2010 Spring Lena River Flooding. That’s a big event in Siberia’s Yakutia, indeed. We, all locals, follow the last flood information. Emergency and other services are on alert. The flood is already here. The river flows fast.
Yesterday, May 19, the part of the Yakutsk-Pokrovsk road between Oktemzy and Tekhtyur has been already flooded. It means the town of Pokrovsk is totally disconnected from Yakutsk for next two weeks.
Further, watch, how the Lena River flows through a live webcam. Check river pictures and the river map. In the course of the work day I will try to update this post with more flood information on the Lena River, the longest river in Siberia. Stay tuned.
Meanwhile, you can also observe ice-floating on the Lena River through the live webcam set just a few days ago in the area of Tabaga Cape about 60 km south from Yakutsk. The River flows fast!
See the webcam location on the river map (unfortunately, the below is a summer satellite photo).
By the way, today in Yakutsk it is rainy, windy, and totally nasty. It is the same as it was yesterday. If it happens in May, it means ices started floating on the longest Siberian river. When they will be gone, summer in all its beauty will arrive. Praise God!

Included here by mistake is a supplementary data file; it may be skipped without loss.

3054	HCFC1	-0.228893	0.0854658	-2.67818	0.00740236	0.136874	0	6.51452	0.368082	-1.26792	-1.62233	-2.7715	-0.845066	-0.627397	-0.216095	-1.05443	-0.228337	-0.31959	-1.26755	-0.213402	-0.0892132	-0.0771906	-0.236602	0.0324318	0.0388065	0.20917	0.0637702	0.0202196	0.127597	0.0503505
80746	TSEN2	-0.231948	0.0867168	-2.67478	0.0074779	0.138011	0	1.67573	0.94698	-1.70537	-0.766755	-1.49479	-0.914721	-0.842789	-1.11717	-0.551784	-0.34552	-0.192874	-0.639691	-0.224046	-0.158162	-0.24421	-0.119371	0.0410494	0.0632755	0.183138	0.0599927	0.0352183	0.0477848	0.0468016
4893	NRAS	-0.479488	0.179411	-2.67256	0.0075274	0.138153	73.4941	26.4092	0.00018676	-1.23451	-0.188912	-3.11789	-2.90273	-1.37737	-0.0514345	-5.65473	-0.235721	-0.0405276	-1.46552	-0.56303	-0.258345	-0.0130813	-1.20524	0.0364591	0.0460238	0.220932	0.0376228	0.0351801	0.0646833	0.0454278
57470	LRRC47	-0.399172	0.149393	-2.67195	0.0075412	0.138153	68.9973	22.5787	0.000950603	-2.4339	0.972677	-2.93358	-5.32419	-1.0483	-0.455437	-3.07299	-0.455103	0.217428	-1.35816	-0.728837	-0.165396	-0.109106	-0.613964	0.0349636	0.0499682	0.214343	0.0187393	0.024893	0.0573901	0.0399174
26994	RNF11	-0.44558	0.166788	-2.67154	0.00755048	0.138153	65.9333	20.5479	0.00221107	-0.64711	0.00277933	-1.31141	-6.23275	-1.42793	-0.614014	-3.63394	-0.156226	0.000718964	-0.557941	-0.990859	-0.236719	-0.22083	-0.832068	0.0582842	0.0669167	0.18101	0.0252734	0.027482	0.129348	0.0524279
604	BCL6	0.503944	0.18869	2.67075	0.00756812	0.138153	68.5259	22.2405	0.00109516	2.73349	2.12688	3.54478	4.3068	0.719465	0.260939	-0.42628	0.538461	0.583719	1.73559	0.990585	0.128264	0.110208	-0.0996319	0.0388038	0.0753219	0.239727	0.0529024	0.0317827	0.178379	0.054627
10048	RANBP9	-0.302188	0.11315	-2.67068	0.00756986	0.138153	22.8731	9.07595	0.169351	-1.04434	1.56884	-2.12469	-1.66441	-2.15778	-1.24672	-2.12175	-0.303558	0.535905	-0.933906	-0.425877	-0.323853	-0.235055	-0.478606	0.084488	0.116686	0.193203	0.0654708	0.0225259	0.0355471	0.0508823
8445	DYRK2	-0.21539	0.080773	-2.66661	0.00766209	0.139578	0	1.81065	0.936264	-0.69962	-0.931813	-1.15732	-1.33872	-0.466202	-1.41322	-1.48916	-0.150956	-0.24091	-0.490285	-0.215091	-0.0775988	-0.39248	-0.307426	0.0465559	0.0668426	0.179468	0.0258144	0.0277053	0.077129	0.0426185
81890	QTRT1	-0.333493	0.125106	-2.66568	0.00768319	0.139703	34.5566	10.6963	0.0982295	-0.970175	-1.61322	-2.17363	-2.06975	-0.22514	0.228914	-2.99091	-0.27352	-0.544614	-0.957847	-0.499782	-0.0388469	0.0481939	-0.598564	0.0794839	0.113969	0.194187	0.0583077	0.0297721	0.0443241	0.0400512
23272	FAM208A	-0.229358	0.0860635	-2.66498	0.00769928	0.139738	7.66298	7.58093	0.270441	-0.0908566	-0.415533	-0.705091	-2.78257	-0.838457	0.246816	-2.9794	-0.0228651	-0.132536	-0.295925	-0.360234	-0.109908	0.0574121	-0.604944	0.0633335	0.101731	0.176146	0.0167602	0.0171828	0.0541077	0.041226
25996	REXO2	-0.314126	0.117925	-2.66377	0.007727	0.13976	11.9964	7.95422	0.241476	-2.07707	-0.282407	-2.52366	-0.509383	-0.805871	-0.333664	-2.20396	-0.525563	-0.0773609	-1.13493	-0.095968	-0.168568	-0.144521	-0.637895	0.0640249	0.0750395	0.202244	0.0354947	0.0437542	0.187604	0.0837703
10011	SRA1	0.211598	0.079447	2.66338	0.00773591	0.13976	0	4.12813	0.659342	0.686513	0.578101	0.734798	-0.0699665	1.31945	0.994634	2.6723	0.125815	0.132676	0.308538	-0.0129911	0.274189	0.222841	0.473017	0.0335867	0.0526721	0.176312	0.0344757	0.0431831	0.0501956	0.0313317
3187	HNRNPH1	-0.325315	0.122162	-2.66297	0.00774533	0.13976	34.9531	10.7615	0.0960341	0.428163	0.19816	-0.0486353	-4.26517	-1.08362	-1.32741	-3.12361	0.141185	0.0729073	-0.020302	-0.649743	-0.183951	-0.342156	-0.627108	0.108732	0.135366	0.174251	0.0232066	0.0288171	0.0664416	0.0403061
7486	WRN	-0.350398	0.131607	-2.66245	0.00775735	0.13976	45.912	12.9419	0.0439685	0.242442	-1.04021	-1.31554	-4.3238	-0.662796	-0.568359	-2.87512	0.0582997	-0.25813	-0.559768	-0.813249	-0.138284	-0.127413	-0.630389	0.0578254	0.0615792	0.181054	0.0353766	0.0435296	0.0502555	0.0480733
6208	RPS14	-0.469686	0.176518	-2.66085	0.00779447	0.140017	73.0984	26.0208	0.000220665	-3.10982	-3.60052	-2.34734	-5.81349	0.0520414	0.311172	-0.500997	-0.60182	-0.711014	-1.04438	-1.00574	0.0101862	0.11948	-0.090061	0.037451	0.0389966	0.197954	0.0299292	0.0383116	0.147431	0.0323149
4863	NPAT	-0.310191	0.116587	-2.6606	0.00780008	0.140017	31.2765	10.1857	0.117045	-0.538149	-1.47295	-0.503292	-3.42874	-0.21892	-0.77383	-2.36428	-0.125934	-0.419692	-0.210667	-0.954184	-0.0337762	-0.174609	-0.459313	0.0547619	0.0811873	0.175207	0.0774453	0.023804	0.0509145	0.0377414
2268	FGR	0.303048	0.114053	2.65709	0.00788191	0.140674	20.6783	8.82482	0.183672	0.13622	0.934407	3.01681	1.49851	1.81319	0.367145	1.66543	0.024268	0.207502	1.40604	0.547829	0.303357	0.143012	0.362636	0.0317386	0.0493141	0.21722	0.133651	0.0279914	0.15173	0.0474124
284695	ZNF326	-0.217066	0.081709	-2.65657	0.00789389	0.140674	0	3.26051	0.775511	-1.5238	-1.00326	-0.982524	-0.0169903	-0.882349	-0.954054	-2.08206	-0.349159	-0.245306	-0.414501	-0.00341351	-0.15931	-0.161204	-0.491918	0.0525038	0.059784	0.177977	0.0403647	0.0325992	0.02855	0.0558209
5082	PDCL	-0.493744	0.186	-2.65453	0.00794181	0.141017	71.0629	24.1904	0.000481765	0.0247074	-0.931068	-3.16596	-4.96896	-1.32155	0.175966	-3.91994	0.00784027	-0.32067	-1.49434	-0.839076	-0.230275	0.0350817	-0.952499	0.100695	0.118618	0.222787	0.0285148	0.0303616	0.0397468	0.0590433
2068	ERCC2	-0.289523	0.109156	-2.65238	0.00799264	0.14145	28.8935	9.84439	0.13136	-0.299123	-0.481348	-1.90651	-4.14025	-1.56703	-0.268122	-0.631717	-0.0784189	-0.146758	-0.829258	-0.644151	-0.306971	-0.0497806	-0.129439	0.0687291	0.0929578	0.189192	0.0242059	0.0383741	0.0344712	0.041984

In the above picture you can see a still made by the Yakutsk live webcam installed on the main TV tower with the view on Lenin Square (downtown) and the Lena River, that became as a real big sea. Its waters reached the city’s brink.
UPDATE, May 21, 2010:
Yesterday, I walked across Yakutsk. It was raining pretty intensively. I’ve been to Chernyshevsky Street near downtown, District 202, the city’s river port, and the hydroelectric power plant area. The Lena River’s high waters are everywhere. It seems like this year’s flood is really serious and devastating. Take a look at the above pictures I made for the RIA Novosti news agency.
See more photographs of the current spring river flood from Flickr.
Below Chirung‘s photographs of yesterday’s intensive ice floating on the Lena River in the area of Tabaga, about 60 km south from Yakutsk:
Follow the channel #floodykt on Twitter:
If you use Twitter, please, post the last flood news with the hashtag #floodykt. Let’s cover the event on Twitter.